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The counterculture of the 1960s was a cultural phenomenon that developed first in the United States and United Kingdom and spread throughout much of the Western world between the early 1960s and the early 1970s. The movement gained momentum during the U.S. government's extensive military intervention in Vietnam. As the 1960s progressed, widespread tensions developed in American society that tended to flow along generational lines regarding the war in Vietnam, race relations, human sexuality, women's rights, traditional modes of authority, experimentation with psychoactive drugs, and differing interpretations of the American Dream. New cultural forms emerged, including the pop music of the British band The Beatles and the concurrent rise of hippie culture, which led to the rapid evolution of a youth subculture that emphasized change and experimentation. In addition to The Beatles, many songwriters, singers and musical groups from the United Kingdom and America came to impact the counterculture movement.
The Cold War between communist states and capitalist states involved espionage on a global scale, along with political and military interference in the internal affairs of less powerful nations. Poor outcomes from some of these activities set the stage for disillusionment with, and distrust of, post-war governments.
The Cuban Missile Crisis brought the nation, and the world, to the brink of nuclear war in October, 1962. The assassination of U.S. President John F. Kennedy in November, 1963, and the attendant conspiracy theories concerning the event, led to further diminished trust in government, especially among young people.
Several factors distinguished the counterculture of the 1960s from the authority-opposition movements of previous eras. The post-war "baby boom" constituted an unprecedented number of young, affluent, and potentially disaffected people as prospective participants in a rethinking of the direction of American and other democratic societies. Widespread use of marijuana and psychoactive drugs contributed to this reevaluation, and a confluence of events and issues served as an intellectual catalyst for exceptionally rapid change during the era.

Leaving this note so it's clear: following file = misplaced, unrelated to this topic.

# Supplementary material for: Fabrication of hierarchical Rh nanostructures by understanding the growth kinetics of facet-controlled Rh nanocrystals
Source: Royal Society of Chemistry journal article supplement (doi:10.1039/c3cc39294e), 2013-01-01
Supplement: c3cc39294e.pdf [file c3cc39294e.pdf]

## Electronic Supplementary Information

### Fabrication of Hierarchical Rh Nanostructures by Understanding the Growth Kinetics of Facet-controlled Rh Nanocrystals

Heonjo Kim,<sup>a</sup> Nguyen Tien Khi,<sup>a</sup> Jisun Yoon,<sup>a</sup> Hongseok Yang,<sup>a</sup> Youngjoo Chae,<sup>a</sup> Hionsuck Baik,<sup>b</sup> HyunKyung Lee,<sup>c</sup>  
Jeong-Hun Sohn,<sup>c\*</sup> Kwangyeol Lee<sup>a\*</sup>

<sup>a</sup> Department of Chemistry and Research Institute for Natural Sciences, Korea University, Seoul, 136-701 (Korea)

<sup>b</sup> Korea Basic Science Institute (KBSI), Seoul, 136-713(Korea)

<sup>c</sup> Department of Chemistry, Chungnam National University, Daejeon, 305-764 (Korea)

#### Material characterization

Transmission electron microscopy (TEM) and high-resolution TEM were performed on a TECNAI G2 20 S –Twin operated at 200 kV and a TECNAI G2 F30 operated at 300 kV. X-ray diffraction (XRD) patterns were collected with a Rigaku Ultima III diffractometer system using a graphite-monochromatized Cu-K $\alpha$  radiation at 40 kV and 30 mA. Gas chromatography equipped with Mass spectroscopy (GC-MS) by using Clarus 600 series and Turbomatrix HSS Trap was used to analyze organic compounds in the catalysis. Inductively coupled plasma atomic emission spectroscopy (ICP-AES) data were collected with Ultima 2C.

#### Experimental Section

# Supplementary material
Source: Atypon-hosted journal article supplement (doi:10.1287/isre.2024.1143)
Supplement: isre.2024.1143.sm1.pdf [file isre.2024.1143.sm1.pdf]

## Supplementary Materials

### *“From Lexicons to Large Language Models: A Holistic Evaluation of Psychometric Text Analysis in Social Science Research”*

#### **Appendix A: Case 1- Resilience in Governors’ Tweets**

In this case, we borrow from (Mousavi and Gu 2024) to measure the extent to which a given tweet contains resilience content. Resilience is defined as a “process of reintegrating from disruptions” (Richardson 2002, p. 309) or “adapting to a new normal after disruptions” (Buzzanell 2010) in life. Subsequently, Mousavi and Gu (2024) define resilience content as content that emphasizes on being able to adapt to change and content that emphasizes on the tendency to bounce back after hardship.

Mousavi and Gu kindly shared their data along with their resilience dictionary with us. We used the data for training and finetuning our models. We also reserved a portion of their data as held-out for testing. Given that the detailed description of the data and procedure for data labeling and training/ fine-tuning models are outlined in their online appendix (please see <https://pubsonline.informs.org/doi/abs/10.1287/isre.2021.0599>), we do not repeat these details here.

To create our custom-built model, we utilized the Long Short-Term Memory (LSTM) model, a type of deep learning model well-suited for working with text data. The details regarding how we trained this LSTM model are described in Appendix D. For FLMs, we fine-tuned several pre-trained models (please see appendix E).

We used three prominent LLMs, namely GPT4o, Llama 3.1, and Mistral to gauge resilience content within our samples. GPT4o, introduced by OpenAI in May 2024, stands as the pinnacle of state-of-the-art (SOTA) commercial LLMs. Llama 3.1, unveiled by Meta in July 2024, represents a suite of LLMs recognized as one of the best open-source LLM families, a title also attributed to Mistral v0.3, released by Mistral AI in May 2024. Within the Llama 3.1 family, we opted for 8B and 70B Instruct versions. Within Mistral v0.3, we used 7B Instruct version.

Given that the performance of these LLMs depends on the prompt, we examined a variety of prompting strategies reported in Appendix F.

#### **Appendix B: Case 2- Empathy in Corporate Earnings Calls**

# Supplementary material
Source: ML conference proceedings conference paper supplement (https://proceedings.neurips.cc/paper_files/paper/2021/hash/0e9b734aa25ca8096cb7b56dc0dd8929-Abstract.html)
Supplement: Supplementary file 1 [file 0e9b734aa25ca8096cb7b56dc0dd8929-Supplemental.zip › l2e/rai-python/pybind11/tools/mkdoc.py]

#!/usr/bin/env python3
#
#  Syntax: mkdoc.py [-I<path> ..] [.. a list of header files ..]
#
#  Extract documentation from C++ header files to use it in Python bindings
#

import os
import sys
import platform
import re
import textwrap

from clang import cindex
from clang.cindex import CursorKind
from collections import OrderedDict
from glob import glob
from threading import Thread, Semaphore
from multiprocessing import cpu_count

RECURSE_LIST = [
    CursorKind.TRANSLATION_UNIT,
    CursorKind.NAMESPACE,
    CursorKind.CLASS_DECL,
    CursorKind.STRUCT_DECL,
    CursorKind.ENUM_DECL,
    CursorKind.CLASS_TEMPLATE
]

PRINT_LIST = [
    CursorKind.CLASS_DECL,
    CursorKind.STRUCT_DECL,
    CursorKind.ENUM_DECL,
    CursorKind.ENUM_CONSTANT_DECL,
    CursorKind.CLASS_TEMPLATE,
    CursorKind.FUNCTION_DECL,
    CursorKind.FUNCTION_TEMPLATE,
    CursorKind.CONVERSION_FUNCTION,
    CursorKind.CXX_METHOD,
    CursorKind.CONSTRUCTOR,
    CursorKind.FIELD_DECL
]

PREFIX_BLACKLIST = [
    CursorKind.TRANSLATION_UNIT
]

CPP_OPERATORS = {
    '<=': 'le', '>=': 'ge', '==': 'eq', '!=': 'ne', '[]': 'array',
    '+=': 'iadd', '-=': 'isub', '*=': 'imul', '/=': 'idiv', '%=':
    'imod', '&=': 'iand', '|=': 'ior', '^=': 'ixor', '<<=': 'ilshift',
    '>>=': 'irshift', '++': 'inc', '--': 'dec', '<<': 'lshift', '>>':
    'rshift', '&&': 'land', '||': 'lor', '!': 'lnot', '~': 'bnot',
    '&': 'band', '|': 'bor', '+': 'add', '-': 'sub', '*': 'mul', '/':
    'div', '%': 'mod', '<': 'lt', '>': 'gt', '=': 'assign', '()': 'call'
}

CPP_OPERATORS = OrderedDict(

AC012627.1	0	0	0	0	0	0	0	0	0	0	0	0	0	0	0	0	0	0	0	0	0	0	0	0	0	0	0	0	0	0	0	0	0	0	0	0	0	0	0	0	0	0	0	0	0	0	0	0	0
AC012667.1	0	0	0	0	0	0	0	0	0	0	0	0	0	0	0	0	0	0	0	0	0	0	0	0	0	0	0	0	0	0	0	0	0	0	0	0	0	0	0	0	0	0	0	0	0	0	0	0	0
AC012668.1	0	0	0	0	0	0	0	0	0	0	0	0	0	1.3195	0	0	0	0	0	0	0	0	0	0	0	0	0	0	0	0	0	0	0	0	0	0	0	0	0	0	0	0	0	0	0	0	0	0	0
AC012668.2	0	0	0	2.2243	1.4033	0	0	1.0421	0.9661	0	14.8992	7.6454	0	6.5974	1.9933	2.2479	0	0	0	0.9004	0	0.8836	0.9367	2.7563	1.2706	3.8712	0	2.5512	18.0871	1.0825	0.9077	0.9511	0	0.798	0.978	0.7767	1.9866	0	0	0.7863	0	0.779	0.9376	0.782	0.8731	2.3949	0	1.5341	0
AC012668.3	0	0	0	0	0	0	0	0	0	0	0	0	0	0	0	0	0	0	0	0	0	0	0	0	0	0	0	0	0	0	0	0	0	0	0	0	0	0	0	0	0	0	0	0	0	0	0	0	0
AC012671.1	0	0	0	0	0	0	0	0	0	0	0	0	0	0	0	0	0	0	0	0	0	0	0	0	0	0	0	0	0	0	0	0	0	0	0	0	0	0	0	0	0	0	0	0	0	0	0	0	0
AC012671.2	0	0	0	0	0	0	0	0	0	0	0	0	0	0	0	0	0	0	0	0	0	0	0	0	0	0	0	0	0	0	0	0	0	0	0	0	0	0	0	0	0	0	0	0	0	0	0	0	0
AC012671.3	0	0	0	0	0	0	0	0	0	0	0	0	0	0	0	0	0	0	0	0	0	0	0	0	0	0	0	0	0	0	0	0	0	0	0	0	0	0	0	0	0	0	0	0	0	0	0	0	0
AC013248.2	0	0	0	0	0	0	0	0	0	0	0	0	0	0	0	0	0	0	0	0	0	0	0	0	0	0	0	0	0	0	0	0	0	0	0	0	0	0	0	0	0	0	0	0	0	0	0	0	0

In the western world, the ongoing criminal legal status of the recreational drug industry was instrumental in the formation of an anti-establishment social dynamic by those coming of age during the counterculture era. The explosion of marijuana use during the era, in large part by students on fast-expanding college campuses, created an attendant need for increasing numbers of people to conduct their personal affairs in secret in the procurement and use of banned substances. The pharmaceutical-false classification of marijuana as a narcotic, and the attachment of often outrageous criminal penalties for its use, drove the simple act of smoking marijuana, and experimentation with substances in general, deep underground. Many began to live largely clandestine lives only because of their choice to use certain substances, and their fear of retribution from their own governments. In a recapitulation of the American alcohol prohibition disaster, otherwise law-abiding citizens in democracies worldwide became nominal criminals as a result of their private behavior. Meanwhile, older citizens with political influence directed law enforcement officials to fight drug wars against a generation of young people whose values and motives were often misunderstood. The increasingly-sophisticated underground drug trade grew to provide haven for the concurrently growing network of anti-war and other activists also operating in fear of government reprisal.
Other sociological issues fueled the growth of the larger counterculture movement. One was an influential nonviolent movement in the United States seeking to resolve Constitutional civil rights illegalities, especially regarding general racial segregation, the lack of voting rights among Southern blacks, and the existing segregation in the purchasing of homes or rental housing in the North. On college and university campuses, student activists fought for the right to exercise their basic Constitutional rights, especially freedom of speech and freedom of assembly. Many counterculture activists became newly aware of the ongoing plight of the poor, and community organizers fought for the funding of anti-poverty programs, particularly within inner city areas in the United States.
Environmentalism grew from a greater understanding of the ongoing damage caused by industrialization, resultant pollution, and the misguided use of chemicals such as pesticides in well-meaning efforts to improve the quality of life for the rapidly growing population.
The availability of new and more effective forms of birth control was a key underpinning of the sexual revolution. The notion of "recreational sex" without the threat of unwanted pregnancy radically changed the social dynamic and permitted both women and men much greater freedom in the selection of sexual lifestyles outside the confines of traditional marriage.
February 19th, 2013
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